G8 Climate Plan of Action Delivers Little Change
AUCHTERARDER, Scotland, July 8, 2005 (ENS) - The G8 leaders have signed a climate change agreement without measurable targets and timetables for reducing heat-trapping greenhouse gas emissions.
At the close of the G8 Summit at Gleneagles today, the heads of government of the world's eight wealthiest nations agreed that "climate change is happening now, that human activity is contributing to it, and that it could affect every part of the globe." But they decided on dialogue, technological development and marketing rather than emissions limits to address the problem.
"We know that, globally, emissions must slow, peak and then decline, moving us towards a low-carbon economy. This will require leadership from the developed world," the G8 leaders state.
"We resolved to take urgent action to meet the challenges we face," they declare. "The Gleneagles Plan of Action which we have agreed demonstrates our commitment. We will take measures to develop markets for clean energy technologies, to increase their availability in developing countries, and to help vulnerable communities adapt to the impact of climate change."
But the Gleneagles Plan of Action disappointed environmentalists who had hoped for an immediate emission reduction program to avoid catastrophic climate change. The campaign group Friends of the Earth blamed the United States for the lack of progress, saying the Gleneagles document offered nothing new, with no commitment to firm action agreed.
British Prime Minister Tony Blair, who hosted the gathering, said, "We speak in the shadow of terrorism. But it will not obscure what we came here to achieve." Referring to the terrorist bomb blast in London Thursday that claimed at least 50 lives, Blair said, "There is no hope in terrorism, nor any future in it worth living. And it is hope that is the alternative to hatred."
"We came here to acknowledge our duty to be responsible stewards of the global environment," said Blair.
"We do not hide the disagreements of the past but we have agreed a process, with a plan of action, that will initiate a new Dialogue between the G8 and the emerging economies of the world to slow down and then, in time, to reverse the rise in harmful greenhouse gas emissions," said Blair. "The Dialogue will begin on 1 November with a meeting here in Britain."
To further their Plan the G8 leaders have asked the World Bank to create a new framework for mobilizing investment in clean energy and development. World Bank President Paul Wolfowitz said, "A first high-level meeting on this is scheduled to be hosted in Britain on November 1st by Prime Minister Blair and the World Bank Group.”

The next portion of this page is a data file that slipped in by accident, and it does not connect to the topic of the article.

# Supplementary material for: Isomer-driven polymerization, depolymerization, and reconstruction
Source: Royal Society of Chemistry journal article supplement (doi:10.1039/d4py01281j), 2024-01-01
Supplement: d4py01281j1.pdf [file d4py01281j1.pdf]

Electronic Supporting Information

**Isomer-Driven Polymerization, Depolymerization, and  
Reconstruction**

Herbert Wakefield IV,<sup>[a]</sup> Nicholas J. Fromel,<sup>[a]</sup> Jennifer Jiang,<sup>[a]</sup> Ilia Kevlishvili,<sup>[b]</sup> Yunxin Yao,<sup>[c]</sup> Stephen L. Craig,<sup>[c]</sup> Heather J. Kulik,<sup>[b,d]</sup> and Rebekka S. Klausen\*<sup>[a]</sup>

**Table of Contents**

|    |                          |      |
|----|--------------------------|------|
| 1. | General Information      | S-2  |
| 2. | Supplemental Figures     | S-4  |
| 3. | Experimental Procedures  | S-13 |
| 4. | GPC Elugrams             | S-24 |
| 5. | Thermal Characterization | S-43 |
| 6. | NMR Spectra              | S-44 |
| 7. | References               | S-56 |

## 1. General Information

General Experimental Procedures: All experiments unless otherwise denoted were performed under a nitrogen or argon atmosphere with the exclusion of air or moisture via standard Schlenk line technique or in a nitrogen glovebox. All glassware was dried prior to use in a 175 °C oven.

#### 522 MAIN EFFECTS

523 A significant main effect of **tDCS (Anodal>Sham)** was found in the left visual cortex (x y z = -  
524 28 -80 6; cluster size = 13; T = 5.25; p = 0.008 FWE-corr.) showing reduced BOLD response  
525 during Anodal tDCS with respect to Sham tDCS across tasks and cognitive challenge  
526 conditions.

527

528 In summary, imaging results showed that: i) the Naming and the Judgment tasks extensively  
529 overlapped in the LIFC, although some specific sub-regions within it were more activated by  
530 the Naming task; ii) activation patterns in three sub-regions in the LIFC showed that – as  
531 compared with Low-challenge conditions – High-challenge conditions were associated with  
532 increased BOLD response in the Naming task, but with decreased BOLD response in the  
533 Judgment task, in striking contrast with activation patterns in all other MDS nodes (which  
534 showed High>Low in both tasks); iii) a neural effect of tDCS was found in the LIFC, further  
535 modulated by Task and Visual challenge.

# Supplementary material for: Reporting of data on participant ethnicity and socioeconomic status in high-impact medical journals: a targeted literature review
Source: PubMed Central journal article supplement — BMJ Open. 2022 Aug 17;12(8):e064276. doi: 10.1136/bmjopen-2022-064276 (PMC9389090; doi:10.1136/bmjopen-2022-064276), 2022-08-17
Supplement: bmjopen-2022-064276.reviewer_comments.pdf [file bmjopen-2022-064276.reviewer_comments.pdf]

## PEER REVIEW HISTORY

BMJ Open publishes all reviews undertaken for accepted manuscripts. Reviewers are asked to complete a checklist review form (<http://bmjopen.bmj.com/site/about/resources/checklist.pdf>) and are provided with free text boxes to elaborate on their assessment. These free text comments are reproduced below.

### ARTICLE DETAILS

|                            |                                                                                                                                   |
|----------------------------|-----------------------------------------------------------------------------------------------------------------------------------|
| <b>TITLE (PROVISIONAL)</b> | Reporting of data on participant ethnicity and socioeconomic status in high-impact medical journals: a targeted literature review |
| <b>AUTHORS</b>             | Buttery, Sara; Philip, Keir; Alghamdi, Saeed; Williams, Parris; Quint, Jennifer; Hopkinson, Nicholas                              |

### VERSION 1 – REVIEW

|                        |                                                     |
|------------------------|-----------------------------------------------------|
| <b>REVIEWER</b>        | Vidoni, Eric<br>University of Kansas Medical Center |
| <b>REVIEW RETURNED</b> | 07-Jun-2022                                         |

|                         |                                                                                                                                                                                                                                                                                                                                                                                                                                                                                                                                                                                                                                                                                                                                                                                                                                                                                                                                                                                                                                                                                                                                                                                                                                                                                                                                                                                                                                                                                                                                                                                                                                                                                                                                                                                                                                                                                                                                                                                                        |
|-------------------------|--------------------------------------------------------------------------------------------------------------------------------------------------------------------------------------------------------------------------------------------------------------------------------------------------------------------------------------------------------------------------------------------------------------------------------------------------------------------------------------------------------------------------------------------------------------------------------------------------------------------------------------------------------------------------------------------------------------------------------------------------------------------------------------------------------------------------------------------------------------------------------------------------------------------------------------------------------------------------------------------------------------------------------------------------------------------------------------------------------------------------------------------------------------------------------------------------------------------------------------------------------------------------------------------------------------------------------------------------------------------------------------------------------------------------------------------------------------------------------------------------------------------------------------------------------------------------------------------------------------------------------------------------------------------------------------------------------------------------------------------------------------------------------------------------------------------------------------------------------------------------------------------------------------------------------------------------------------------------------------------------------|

These arrangements were not strong enough to reassure environmentalists. Friends of the Earth International Vice Chair Tony Juniper said, "Despite the growing evidence of human induced climate change and the dangers of its impacts becoming more widely known and understood, the outcomes of this summit leave us very little further ahead. While the leaders carry on talking, the world continues warming."
The G8 leaders "warmly welcomed" the involvement of the leaders of the emerging economy nations of Brazil, China, India, Mexico and South Africa, who they said contributed "ideas for new approaches to international co-operation on clean energy technologies between the developed and developing world."
"Our discussions mark the beginning of a new Dialogue between the G8 nations and other countries with significant energy needs, consistent with the aims and principles of the UN Framework Convention on Climate Change. This will explore how best to exchange technology, reduce emissions, and meet our energy needs in a sustainable way, as we implement and build on the Plan of Action," the G8 said in the Chair's Summary document.
But developing countries already facing the impacts of climate change were offered no direct financial assistance or support.
The statement issued Thursday by Brazil, China, India, Mexico and South Africa mentions the threat of climate change to their countries, but the G8 Plan only mentions providing further access to information and developing scientific capacity.